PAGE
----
Is your protein sumoylated? Top tips to improve your SUMO IPs

Sumoylation of proteins has been associated with a whole host of cellular processes; transcription, replication, DNA repair, RNA metabolism, translation and transport and consequently interest in this modification is growing. Sumoylation of proteins usually occurs through binding of this moiety to lysine residues within the target protein or through non-covalent interactions. Four Sumo paralogues have been identified, SUMO1, 2, 3 (which are often referred to as 2/3 as they share 95% sequence homology) and 4. SUMO4 expression is limited to liver, kidney and lymph nodes while the other three are widely expressed in different tissues.

If you suspect that your protein may be sumoylated then the common first step in proving this is a standard co-IP of both SUMO and the target protein and we have a range of SUMO Affimer reagents waiting for you to use in your own pulldowns.
Unfortunately one of the main drawbacks in studying protein sumoylation is that endogenous modification is very hard to identify. Handily the following tips tackle just this problem. The recommendations included here aim to increase your chances of success in identifying those pesky sumo-modified proteins.
  1. Only a small fraction of intracellular protein is sumoylated at any one time. To increase the likelihood of successful IP a highly concentrated protein lysate of 1×107– x108 cells in 600?l buffer percondition/control is recommended as a starting material. If this leads to a high background then further experiments can be performed to reduce this by reducing the protein concentration and/or increasing washes.
  2. Though a denaturing lysis buffer with high concentrations of SDS will inactivate the enzymes that remove sumo moieties from proteins preventing the loss of signal, they may also eliminate non-covalent interactions between sumo and target proteins leaving only those proteins covalently modified as sumoylated. This high concentration of SDS is usually removed or diluted significantly to allow sumo to bind during the IP step and its removal allows the non-covalent interactions to reform. As denaturing buffers can help with the extraction of difficult proteins it is reassuring to know that no difference was observed in the identification of sumoylated proteins extracted with denaturing or non-denaturing detergents.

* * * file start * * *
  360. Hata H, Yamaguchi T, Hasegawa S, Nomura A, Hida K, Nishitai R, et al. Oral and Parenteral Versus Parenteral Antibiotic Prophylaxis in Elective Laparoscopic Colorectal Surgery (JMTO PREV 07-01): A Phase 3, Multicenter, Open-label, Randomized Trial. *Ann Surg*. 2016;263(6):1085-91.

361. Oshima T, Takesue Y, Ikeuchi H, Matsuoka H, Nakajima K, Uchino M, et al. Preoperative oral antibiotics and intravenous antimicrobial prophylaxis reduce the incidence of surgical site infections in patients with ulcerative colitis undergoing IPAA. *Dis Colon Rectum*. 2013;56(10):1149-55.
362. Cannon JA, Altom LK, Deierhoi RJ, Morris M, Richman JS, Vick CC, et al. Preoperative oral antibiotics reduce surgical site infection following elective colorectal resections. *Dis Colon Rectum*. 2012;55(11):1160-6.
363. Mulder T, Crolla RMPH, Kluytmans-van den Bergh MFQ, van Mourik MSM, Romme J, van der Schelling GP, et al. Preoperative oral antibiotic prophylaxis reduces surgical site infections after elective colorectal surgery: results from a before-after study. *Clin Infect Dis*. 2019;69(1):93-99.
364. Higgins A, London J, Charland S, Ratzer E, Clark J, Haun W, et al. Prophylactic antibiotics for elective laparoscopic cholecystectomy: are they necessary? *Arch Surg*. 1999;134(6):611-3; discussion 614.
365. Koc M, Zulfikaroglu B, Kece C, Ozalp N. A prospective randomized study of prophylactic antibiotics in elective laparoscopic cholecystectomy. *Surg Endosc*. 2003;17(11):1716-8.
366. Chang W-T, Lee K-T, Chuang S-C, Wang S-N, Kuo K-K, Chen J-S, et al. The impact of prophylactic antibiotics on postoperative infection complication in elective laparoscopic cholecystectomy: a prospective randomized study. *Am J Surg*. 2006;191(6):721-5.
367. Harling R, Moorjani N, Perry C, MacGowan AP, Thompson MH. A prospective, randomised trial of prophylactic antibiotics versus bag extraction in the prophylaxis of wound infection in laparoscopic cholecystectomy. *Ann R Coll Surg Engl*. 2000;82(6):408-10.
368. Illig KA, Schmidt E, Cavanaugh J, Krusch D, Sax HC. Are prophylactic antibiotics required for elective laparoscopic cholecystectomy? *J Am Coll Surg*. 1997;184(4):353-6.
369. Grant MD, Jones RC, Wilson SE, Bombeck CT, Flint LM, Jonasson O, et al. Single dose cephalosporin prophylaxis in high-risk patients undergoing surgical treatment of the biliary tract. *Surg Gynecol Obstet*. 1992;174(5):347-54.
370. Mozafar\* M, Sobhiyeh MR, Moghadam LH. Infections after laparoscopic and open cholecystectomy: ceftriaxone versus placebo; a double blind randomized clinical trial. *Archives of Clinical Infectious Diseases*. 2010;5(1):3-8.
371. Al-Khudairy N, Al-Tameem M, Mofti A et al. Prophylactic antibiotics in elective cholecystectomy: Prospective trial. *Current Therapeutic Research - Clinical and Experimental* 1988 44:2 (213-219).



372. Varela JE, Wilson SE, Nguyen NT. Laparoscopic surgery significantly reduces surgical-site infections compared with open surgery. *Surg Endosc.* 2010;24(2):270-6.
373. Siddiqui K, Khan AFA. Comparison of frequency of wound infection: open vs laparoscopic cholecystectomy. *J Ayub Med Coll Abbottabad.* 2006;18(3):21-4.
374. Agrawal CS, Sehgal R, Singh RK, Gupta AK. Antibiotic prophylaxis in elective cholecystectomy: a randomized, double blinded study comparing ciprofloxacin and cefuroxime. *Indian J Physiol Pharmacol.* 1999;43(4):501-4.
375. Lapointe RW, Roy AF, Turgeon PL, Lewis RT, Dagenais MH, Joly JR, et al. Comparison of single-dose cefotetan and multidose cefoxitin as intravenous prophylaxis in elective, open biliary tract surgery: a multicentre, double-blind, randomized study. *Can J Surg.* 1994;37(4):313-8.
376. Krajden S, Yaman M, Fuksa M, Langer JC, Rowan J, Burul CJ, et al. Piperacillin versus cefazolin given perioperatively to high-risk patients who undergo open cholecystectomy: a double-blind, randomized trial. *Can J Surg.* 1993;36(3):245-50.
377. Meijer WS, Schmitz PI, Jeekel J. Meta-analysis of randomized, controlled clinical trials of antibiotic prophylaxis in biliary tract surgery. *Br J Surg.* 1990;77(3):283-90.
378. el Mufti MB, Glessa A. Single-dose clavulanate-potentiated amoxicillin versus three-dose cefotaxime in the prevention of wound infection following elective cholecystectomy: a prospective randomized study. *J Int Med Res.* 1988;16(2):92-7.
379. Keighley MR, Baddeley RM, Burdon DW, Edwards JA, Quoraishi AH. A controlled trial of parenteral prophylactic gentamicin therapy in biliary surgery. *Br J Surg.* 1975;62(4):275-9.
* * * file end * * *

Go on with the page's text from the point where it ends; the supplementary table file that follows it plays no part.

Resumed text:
Non-denatured lysate
To inhibit SENPs, the enzymes that remove sumo groups, it is essential to include the isopeptidase inhibitor N-ethylmailemide (NEM) at a final concentration of 15-20mM in the extraction buffer. Cell lysis should then be achieved by drawing the cell suspension through a 2-gauge needle 5 times and incubating on ice for 15 minutes. The lysate is then collected following high speed centrifugation for 20 minutes at 4°C.
Denatured lysate
Cell pellets should be suspended in modified 2 x Lamelli buffer (150 mM Tris·HCl pH 7.2, 4% SDS, 20% glycerol and 20 mM NEM; The re-activation of isopeptidases after the removal of SDS is possible, therefore, the inclusion of NEM in the denaturating buffer is still recommended). The sample sonicate to reduce viscosity and boiled at 100°C for 10 mins. Lysates should then be collected after high speed centrifugation at RT for 15 minutes. The denaturing lysate should be cleared of SDS prior to IP using detergent removal spin columns,
(Thermo Scientific, 87778).
  • Pre-clearing of the cell lysate by incubating the lysates with beads to remove non-specific binding is recommended. Screw cap spin columns from Thermo Scientific (69705) are good to ensure successful washing without bead loss. Remember to keep an aliquot of pre-IP whole cell lysate aside for western blot analysis later! The IP should then follow a general procedure.

To be sure to pulldown all sumoylated protein in the IP the use of very high concentrations of SUMO affinity reagent are advised. The IP is incubated overnight with anti-SUMO beads with gentle agitation, using IgG-cross linked beads as a control.

Following 3 washes with lysis buffer elute the proteins using 50?l of elution buffer for 5 minutes at RT.
Different sumoylated isoforms and target proteins may finally be detected by western blot as bands above the molecular weight corresponding to the non-sumoylated isoform of the protein (unless the sumoylated isoform is the predominant isoform, which is usually not the case).
These recommendations on improving the identification of sumoylated proteins come from a paper currently in press in the journal of Analytical Biochemistry.